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Experts move to explain vaccine confusion

A bitter spat has broken out between politicians and health officials over the vaccine rollout. Photo: Nataliya Vaitkevich.

Australians have been urged to take coronavirus vaccine advice from doctors rather than bickering politicians.

A messy week of mangled messaging sparked confusion over which vaccine is most suitable for people based on their age.

Prime Minister Scott Morrison on Monday encouraged people under 40 keen for the AstraZeneca vaccine to talk to their GP.

The government also offered legal protection to doctors who prescribe the vaccine to consenting younger people.

But the expert immunisation panel, ATAGI, remains resolute Pfizer is the recommended vaccine for under-60s because of extremely rare but serious blood clots linked to AstraZeneca.

The Victorian and WA governments told people to stick to ATAGI advice, with Queensland going even further, actively discouraging under-40s from AstraZeneca.

Premier Annastacia Palaszczuk and Chief Health Officer Jeannette Young were accused of scaremongering after raising the rare blood clots.

Senior Morrison government minister Simon Birmingham said the statements damaged confidence in the vaccine rollout.

“They do help anti-vaxxers,” he told reporters in Adelaide on Thursday.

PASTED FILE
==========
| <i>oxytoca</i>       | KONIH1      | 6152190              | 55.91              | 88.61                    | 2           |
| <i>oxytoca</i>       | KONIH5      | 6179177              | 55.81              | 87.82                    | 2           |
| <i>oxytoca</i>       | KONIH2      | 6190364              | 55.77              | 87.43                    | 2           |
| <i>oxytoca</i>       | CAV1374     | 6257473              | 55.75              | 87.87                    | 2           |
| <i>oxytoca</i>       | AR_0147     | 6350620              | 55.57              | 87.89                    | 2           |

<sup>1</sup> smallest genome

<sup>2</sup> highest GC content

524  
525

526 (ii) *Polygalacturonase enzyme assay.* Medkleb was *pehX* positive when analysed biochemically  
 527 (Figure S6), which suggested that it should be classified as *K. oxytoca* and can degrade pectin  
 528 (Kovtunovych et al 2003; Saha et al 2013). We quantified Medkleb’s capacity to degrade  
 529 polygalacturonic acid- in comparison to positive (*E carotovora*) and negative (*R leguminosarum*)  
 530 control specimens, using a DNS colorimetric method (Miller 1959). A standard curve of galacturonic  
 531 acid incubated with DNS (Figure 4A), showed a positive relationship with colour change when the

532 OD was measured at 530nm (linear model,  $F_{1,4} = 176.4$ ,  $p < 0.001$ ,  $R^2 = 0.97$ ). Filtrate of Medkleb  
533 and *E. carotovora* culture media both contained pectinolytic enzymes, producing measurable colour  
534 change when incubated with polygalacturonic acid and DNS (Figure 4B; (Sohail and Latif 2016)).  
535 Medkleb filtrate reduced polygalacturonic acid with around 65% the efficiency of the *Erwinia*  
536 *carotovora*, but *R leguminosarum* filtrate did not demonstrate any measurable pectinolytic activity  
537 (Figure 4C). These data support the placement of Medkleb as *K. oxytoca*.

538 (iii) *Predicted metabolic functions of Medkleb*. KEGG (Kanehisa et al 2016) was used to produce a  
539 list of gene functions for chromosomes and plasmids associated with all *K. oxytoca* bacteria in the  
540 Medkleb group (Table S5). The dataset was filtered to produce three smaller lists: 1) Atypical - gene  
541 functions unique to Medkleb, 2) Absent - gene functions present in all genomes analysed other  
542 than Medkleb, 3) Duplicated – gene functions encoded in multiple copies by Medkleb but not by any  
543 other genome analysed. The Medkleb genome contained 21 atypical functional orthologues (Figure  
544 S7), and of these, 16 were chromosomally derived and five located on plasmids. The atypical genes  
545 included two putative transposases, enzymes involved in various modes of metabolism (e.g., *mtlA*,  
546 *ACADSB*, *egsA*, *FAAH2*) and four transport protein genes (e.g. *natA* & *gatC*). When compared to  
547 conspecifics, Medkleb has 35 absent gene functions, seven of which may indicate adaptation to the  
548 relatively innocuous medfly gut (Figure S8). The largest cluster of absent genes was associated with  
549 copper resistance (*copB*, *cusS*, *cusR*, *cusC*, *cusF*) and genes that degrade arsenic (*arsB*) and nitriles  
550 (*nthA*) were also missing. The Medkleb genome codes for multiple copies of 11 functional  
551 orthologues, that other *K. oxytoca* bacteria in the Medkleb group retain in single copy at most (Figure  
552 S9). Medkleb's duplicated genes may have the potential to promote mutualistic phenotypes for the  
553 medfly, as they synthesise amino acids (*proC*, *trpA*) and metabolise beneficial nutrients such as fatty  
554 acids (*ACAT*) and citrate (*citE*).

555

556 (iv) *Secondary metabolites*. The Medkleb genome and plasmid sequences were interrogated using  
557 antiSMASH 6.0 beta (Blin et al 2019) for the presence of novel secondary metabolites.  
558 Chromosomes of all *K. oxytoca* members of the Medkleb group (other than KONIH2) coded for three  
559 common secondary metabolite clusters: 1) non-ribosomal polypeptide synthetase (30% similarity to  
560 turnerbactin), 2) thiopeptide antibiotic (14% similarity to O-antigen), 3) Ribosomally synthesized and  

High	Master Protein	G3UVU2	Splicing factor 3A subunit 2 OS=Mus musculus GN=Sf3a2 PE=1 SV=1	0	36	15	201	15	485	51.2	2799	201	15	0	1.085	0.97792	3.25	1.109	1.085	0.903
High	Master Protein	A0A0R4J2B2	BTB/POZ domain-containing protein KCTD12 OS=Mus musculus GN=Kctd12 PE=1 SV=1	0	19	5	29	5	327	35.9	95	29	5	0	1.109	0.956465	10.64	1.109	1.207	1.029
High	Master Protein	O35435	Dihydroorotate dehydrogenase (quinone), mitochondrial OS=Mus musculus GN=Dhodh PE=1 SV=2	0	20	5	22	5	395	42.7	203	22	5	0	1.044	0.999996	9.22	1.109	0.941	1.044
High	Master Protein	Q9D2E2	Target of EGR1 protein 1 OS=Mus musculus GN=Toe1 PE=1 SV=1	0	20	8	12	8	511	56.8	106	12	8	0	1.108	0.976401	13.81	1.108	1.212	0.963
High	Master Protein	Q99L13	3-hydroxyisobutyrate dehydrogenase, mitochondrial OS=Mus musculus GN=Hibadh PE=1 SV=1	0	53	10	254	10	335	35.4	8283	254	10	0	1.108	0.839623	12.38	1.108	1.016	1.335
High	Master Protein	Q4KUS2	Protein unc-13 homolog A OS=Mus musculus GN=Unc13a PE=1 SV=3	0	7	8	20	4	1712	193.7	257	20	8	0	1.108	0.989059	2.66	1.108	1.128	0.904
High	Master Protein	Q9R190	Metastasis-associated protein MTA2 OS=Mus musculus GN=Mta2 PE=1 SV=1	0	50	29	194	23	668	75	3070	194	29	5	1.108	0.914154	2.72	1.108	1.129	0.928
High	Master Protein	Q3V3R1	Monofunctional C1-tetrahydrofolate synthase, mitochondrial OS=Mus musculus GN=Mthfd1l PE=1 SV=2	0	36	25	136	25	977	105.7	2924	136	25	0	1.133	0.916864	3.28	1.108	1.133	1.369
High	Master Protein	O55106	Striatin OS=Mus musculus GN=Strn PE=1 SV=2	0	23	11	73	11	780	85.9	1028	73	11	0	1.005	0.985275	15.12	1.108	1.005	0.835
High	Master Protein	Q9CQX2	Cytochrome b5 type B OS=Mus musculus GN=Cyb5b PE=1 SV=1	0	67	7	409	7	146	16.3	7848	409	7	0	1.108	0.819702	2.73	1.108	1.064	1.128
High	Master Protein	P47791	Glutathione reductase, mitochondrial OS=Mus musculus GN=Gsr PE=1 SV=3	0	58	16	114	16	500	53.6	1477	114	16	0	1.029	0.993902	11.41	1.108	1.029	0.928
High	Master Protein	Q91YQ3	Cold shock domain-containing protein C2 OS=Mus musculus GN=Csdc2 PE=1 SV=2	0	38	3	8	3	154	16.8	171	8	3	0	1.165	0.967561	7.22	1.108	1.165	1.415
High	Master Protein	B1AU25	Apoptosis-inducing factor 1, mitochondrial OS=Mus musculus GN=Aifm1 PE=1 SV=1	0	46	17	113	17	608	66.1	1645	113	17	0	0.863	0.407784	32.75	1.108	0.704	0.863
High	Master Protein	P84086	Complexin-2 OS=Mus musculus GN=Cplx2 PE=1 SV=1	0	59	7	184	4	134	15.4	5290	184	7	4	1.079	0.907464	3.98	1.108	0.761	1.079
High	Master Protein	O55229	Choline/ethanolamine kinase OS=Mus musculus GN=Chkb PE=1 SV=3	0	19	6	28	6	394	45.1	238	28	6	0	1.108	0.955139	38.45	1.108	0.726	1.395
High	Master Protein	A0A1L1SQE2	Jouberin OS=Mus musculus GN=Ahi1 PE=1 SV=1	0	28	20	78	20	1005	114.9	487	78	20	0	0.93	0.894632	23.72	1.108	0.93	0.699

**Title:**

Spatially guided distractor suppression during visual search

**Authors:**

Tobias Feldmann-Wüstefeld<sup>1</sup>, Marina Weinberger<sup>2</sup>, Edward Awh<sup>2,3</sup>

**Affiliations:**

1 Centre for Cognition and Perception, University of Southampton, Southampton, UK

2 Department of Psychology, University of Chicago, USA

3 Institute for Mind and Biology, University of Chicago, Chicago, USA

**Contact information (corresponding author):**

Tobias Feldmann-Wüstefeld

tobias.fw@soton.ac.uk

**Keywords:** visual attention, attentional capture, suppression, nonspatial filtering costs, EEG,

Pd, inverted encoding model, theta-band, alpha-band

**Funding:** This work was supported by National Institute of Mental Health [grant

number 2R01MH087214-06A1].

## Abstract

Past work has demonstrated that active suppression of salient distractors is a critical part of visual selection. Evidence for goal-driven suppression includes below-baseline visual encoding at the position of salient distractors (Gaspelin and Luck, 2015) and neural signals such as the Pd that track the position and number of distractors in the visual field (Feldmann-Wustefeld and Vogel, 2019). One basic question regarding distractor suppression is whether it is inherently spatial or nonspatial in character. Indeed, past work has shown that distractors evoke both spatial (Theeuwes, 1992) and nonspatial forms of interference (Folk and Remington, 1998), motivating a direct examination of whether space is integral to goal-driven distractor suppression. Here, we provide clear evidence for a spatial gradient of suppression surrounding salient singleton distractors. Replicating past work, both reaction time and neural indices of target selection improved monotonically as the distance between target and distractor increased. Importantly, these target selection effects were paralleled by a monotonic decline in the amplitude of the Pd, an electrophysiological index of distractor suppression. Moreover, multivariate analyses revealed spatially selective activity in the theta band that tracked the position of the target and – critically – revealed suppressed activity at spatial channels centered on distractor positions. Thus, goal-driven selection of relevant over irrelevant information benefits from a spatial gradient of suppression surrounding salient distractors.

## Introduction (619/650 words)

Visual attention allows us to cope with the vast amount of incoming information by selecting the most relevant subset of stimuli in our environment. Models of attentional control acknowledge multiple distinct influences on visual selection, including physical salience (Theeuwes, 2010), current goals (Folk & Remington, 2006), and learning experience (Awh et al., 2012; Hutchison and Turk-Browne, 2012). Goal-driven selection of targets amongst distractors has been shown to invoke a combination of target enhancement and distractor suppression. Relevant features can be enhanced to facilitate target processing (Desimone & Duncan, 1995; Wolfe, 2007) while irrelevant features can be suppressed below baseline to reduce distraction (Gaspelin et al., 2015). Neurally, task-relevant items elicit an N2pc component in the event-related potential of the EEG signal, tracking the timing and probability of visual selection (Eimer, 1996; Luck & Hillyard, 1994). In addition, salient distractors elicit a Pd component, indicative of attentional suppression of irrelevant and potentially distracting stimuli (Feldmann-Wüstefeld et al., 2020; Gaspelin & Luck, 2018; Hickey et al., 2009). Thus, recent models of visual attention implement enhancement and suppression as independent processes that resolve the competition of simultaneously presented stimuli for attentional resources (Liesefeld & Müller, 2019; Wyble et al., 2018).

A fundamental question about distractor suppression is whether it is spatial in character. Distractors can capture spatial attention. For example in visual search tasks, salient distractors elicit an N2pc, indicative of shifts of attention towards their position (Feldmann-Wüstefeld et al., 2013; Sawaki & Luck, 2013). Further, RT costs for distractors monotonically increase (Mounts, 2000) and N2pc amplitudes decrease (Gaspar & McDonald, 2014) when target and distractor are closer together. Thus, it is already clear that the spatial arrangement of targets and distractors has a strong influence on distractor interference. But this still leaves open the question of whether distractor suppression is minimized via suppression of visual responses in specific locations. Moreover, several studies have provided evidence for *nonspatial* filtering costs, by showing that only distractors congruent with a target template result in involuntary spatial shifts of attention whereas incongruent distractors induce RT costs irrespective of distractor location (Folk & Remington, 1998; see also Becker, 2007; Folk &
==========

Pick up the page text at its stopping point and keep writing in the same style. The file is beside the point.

“That’s why they ought to take a calmer, more rational approach, listen to the many calm and thoughtful voices of the health profession across Australia.”

Dr Young reaffirmed her advice for people under 40 to wait for the Pfizer or Moderna vaccines in a fiery news conference.

“This is getting absolutely silly,” she told reporters in Brisbane.

The veteran doctor defended her 16 years’ involvement with Australia’s immunisation programs.

“I am on the record as supporting vaccination. But I want the right vaccine to go to the right person,” Dr Young said.

Doctors also savaged the prime minister’s intervention, accusing him of lobbing a hand grenade into the rollout.

ATAGI co-chair Christopher Blyth sought to quell confusion, saying people under 60 should get the Pfizer jab.

Professor Blyth said people in that age group should only be considering AstraZeneca in “pressing” circumstances.

“There are some situations where that would be warranted, but they are quite small,” he told ABC radio.

More than 2600 Australians under 40 have received AstraZeneca since the prime minister’s comments.

“It really is a matter for individuals to talk to their GPs who will be best placed to understand their individual circumstances, and to interpret the health advice available,” Senator Birmingham said.

Medical professionals distanced themselves from Dr Young’s remarks about blood clots, which are usually treatable.

A woman with serious underlying health conditions died in the UK five weeks after receiving her first dose of AstraZeneca in Australia.

The Therapeutic Goods Administration said it was unclear whether the vaccine played a role in her death but some symptoms suggest she may have had the rare clotting condition.

In a statement, the regulator said a post-mortem would also look into whether long plane and car travel from Australia to the UK was a factor.

More than 12 million people are locked down across Queensland, the Northern Territory, Western Australia and NSW.

Just under eight per cent of eligible Australians have received both coronavirus shots more than four months after the rollout started.

Despite mixed messages, a record 161,390 people rolled up their sleeves for a jab in the past 24 hours.

Matt Coughlan and Daniel McCulloch – Australian Associated Press

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